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Figure 4: Implant in situ

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Figure 5: Early postoperative eye closure

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   Discussion Top

Gold weight implantation is the most commonly used static procedure for surgical correction of paralytic lagophthalmos. [2],[6] In the present case, a gold weight was inserted in the upper eyelid to allow closure by the force of gravity after accurate measurement of the weight required for complete closure.

Though various surgical options like tarsorrhaphies, canthoplasties, lid magnets, palpebral springs, muscle and fascia transfers and slings and nerve anastomosis exist for rehabilitation of paralyzed eyelid, the outcome and complexity of these procedures varies and the experience of the surgeon and case selection is critical in ensuring a favourable result.

Gold weight implantation has been shown by multiple authors to be a safe, reliable, reproducible and effective means of permanently rehabilitating paralyzed eyelids.It has gained widespread acceptance because of its low rate of complications and the relative simplicity of the surgical procedures.

Though other materials have been used to load the upper eyelid, gold is considered the material of choice because of its inertness, high density, malleability, non-allergic properties, relatively low cost (when compared to platinum) and also it provides good colour camouflage.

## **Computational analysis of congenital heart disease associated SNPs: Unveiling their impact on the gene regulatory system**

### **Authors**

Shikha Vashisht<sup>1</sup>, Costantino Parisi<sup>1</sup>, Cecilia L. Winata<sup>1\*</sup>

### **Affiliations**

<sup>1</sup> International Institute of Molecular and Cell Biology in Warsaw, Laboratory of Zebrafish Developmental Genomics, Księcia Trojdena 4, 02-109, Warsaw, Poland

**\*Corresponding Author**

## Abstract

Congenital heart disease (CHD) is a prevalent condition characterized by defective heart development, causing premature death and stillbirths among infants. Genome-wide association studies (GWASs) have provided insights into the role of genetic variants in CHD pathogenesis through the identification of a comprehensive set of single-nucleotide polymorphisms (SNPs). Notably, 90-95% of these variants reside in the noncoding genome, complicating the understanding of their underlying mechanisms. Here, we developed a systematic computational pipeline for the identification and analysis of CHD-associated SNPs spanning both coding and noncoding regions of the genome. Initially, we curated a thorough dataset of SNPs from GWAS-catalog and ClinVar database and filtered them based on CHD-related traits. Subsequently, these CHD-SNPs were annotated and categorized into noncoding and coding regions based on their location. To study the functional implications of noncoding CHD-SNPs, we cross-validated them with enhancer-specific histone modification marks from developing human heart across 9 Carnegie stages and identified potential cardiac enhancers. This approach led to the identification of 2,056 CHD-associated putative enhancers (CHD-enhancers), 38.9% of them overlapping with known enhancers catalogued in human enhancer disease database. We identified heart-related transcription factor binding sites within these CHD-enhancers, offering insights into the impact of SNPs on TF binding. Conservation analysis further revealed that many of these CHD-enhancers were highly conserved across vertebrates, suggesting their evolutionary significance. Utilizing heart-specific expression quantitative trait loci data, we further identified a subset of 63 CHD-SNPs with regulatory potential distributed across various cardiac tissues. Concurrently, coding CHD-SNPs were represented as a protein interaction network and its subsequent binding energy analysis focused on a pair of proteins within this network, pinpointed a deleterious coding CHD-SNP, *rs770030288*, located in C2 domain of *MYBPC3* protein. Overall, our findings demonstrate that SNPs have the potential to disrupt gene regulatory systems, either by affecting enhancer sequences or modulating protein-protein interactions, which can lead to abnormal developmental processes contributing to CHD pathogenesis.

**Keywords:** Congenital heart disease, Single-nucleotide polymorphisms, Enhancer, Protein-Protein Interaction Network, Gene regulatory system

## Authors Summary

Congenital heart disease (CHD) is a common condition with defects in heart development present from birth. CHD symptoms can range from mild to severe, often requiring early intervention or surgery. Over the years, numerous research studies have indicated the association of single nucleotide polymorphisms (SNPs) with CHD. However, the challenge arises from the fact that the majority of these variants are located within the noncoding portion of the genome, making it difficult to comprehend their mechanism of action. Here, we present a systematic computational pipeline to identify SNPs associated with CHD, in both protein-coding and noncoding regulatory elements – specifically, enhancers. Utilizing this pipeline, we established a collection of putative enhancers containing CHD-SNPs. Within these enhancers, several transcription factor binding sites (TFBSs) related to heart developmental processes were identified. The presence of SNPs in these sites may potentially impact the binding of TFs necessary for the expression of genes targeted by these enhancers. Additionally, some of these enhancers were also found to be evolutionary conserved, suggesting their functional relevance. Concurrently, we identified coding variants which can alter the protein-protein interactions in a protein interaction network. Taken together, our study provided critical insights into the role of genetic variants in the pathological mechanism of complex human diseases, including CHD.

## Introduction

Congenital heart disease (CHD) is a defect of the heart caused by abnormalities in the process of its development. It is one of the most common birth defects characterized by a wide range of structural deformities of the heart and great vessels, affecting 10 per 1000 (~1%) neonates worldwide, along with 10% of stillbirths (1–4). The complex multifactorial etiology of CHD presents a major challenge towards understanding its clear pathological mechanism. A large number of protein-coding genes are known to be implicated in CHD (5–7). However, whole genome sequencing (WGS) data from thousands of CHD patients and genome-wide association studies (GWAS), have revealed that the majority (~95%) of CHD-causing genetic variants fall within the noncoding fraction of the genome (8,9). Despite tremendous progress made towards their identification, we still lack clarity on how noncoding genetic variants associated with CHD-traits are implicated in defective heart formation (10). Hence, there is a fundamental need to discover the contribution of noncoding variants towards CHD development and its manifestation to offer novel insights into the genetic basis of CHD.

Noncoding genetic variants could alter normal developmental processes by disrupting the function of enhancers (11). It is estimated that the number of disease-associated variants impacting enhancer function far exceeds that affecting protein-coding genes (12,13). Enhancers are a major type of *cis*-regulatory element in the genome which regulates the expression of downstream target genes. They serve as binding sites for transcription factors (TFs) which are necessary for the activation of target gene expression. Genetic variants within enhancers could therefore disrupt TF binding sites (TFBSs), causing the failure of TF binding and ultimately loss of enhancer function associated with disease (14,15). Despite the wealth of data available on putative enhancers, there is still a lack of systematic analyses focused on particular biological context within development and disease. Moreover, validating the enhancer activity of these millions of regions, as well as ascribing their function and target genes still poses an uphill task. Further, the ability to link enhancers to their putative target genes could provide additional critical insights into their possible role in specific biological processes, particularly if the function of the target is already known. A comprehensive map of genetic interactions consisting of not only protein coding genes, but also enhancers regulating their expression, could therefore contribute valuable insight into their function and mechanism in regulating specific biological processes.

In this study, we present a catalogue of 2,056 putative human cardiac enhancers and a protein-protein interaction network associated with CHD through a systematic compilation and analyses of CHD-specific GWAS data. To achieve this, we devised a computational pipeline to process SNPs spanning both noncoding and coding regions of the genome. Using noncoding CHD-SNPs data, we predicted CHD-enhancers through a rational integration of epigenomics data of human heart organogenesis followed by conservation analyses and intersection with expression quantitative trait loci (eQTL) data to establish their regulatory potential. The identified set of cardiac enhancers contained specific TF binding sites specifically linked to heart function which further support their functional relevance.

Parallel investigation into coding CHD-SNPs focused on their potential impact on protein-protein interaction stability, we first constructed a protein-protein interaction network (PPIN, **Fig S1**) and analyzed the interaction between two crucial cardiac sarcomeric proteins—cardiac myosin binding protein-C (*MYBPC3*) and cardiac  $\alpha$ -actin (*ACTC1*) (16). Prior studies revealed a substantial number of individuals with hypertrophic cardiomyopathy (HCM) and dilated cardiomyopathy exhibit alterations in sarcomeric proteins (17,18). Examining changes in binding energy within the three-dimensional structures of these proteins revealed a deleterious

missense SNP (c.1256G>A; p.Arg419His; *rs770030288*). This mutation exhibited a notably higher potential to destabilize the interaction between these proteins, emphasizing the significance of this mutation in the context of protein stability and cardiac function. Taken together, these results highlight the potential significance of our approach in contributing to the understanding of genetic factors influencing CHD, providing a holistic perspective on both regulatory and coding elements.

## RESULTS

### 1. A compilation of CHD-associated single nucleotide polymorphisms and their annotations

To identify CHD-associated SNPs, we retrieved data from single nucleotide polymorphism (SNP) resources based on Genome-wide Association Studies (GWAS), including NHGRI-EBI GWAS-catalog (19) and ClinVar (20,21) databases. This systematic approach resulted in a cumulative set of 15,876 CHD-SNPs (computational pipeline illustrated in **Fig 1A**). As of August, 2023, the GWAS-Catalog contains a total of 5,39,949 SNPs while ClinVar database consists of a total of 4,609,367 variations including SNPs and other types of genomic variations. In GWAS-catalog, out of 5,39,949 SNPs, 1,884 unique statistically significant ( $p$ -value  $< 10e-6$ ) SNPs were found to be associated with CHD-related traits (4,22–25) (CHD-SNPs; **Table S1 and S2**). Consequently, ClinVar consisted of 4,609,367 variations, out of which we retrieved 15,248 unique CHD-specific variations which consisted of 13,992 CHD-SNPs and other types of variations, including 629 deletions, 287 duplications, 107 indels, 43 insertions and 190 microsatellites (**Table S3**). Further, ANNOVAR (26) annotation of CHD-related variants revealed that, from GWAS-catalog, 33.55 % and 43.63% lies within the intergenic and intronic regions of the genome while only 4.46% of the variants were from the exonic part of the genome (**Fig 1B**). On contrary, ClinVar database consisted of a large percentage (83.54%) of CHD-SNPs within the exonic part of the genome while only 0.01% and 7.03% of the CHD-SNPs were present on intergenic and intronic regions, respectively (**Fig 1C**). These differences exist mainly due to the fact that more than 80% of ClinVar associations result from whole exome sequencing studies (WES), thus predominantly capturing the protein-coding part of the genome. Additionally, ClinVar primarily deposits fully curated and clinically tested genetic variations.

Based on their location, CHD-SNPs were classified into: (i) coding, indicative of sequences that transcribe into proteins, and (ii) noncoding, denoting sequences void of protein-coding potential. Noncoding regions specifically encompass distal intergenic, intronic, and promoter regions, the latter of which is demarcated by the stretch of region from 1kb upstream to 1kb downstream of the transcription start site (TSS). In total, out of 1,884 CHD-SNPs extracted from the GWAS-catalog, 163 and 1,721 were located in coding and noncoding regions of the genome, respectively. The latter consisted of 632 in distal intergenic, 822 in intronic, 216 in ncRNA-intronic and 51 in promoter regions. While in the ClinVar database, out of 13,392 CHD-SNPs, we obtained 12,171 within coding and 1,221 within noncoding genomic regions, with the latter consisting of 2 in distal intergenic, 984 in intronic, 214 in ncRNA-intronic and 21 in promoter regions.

Summary Top

Gold weight lid loading is a technique for the treatment of paralytic lagophthalmos and has become the standard in the management of paralytic lagophthalmos. The safety and efficacy of gold weight implants has been reported in several case series studies. Although the evidence is limited, implantation of gold lid weights (i.e., lid loading) has become an accepted and a widely used treatment for patients with paralytic lagophthalmos.

In conclusion, the use of gold eyelid weights is a simple, reliable and successful means of permanently rehabilitating paralyzed eyelids. Individual implants appear to decrease the postoperative complication risk and are effective in the management of paralytic lagophthalmos.

   References Top

1.Tower RN, Dailey RA. Gold weight implantation: A better way? Ophthal Plast Reconstr Surg 2004;20:202-6.  Back to cited text no. 1
2.Kao CH, Moe KS. Retrograde weight implantation for correction of lagophthalmos. Laryngoscope 2004;114:1570-5.  Back to cited text no. 2
3.May M. The Facial Nerve. 2nd ed. New York: Thieme; 2000.  Back to cited text no. 3
4.Hontanilla B. Weight measurement of upper eyelid gold implants for lagophthalmos in facial paralysis. Plast Reconstr Surg 2001;108:1539-43.  Back to cited text no. 4
5.House JW, Brackman DE. Facial nerve grading system. Otolaryngol Head Neck Surg 1985;93:146-7.  Back to cited text no. 5
6.Dalkiz M, Gokce HS, Aydin A, Beydemir B. Gold weight implantation for rehabilitation of the paralyzed eyelid. Int J Oral Maxillofac Surg 2007;36:522-6.  Back to cited text no. 6

Correspondence Address:
P Manodh
Department of Oral & Maxillofacial Surgery, Meenakshi Ammal Dental College & Hospital, Maduravoyal, Chennai, Tamil Nadu
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Source of Support: None, Conflict of Interest: None

DOI: 10.4103/0970-9290.80002

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  [Figure 1], [Figure 2], [Figure 3], [Figure 4], [Figure 5]